Tiger Global Notches $1 Billion Win on Ride-Hailing App Didi
(Bloomberg) -- Tiger Global Management’s early wager on Didi Global Inc., China’s Uber, is paying off. Its investment is now worth more than $1 billion.
Chase Coleman’s firm amassed a 1.5% stake in Didi before the ride-hailing app made its trading debut in the second-largest U.S. initial public offering by a Chinese company on record. Shares were priced at $14, raising $4.4 billion in the offering and giving the company a market value of more than $67 billion. Didi opened at $16.65 on Wednesday but ended the trading day at $14.14.
Tiger Global, which first backed Didi in 2014 by participating in a Series C funding round, had invested $100 million in the company before the IPO, according to a person with knowledge of the matter who asked not to be identified. Most of that cash was put into the company in 2014, though the firm later sold in and out of some shares. In total, Tiger Global made a $1 billion gain on top of its initial wager, the person said.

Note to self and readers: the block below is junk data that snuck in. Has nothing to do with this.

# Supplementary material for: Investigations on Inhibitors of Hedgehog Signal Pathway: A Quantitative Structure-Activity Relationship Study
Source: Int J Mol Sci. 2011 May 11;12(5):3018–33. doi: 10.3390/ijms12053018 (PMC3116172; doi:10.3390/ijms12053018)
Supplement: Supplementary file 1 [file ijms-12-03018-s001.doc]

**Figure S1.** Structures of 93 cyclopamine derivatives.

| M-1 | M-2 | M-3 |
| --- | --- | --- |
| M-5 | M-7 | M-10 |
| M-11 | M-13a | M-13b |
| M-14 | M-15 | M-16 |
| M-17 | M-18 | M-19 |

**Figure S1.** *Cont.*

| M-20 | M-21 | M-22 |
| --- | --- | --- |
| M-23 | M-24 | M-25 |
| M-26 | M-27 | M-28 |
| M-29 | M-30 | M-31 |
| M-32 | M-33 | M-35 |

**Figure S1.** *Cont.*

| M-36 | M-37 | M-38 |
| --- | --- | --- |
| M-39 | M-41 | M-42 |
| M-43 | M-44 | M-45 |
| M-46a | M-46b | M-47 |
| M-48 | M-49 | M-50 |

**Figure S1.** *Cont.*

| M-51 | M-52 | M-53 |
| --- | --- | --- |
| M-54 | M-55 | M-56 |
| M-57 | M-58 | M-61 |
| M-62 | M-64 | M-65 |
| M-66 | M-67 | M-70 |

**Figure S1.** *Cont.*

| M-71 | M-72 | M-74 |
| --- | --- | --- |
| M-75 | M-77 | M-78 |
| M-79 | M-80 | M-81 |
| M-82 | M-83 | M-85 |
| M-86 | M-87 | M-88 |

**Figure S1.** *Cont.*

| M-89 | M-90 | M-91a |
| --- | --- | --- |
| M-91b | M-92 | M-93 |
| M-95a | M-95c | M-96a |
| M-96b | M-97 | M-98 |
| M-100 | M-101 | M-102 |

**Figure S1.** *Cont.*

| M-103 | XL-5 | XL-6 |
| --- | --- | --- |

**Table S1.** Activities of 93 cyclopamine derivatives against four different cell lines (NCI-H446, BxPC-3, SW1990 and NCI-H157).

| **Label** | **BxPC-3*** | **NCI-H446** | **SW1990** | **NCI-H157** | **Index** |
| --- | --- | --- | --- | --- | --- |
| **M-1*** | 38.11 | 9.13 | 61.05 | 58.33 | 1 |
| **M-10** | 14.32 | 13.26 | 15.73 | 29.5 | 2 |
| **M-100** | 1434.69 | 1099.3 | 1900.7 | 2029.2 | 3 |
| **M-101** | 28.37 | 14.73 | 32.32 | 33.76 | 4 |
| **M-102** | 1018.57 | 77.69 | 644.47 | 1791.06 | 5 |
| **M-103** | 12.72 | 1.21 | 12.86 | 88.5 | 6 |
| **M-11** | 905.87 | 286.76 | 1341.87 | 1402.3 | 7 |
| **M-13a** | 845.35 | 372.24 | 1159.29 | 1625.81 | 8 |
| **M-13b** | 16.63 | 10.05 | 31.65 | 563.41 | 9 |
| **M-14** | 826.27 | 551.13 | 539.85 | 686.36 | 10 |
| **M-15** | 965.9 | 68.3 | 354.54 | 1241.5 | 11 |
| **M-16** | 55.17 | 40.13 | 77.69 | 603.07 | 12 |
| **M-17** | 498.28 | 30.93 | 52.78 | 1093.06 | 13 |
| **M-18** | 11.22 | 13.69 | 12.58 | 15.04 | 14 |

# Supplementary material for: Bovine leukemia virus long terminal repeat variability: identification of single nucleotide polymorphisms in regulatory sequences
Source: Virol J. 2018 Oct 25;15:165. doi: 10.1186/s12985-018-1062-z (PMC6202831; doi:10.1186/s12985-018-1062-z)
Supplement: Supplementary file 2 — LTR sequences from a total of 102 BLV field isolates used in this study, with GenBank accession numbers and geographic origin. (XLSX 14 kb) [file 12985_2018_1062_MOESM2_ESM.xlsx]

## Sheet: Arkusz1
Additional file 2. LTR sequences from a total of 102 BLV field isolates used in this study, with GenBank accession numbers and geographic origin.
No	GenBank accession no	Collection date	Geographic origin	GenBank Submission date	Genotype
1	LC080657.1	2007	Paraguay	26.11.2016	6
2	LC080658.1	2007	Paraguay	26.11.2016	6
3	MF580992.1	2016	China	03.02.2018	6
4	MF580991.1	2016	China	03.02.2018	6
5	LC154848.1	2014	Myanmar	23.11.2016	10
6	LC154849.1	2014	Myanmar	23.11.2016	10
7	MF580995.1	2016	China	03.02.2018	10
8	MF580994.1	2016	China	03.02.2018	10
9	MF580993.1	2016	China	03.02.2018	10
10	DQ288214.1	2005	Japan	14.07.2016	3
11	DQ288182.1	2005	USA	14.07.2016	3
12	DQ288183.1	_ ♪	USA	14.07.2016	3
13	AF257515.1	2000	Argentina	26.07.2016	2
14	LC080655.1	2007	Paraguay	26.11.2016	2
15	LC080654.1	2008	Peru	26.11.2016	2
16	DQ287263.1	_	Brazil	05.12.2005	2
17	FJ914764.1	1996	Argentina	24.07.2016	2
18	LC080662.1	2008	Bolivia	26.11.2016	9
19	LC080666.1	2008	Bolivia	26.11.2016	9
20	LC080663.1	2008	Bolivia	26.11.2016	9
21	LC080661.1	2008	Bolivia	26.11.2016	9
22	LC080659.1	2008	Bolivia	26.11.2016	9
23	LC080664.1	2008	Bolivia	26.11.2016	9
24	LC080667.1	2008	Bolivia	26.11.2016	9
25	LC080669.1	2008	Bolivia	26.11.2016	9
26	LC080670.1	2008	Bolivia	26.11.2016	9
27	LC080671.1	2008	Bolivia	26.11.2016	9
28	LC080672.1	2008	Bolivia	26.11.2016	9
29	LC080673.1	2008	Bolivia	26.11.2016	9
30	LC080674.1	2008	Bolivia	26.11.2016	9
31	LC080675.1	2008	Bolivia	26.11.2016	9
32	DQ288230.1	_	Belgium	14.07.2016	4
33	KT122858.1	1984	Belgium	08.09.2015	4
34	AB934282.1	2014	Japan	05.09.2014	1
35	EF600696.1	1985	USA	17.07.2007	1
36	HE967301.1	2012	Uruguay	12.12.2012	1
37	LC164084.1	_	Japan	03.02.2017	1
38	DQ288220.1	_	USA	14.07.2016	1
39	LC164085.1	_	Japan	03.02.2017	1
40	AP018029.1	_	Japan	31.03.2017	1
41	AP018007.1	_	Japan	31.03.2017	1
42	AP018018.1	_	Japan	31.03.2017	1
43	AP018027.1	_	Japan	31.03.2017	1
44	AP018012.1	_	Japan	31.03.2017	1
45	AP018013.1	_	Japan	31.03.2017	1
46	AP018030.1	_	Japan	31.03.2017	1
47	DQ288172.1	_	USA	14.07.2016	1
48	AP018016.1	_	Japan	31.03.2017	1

Didi is the latest venture capital wager for the money manager, which has long-employed a strategy of betting early and big on online, consumer and financial-technology companies. The firm reaped at least $1 billion after Peloton Interactive Inc.’s IPO, and also scored billions of dollars from an early gamble on Indian e-commerce company Flipkart and from backing Chinese retailer JD.com.
The Didi investment was one of several bets Tiger Global made on ride-hailing companies around 2014. The money manager also invested in India’s Ola Cabs, Singapore-based Grab Holdings Inc. and Uber Technologies Inc., the person said. Scott Shleifer, who co-founded Tiger Global’s venture capital unit, led the Didi investment.
A spokeswoman for the firm, which manages $65 billion split between its hedge fund and venture business, declined to comment.
While the venture capital unit -- which has invested in more than 400 companies since it started --- scored another win with Didi’s IPO, the firm’s stock-picking hedge fund has struggled as holdings in other Chinese companies including JD.com and Alibaba Group Holding Ltd. slipped.
Didi is going public amid a record year globally for IPOs. The growth in special purpose acquisition companies along with unprecedented monetary stimulus has fueled a wave of public listings.
As of end of day Wednesday, Didi had a market value of nearly $68 billion, which is still below the peak of a range that had stretched up to $100 billion as recently as a few months ago.
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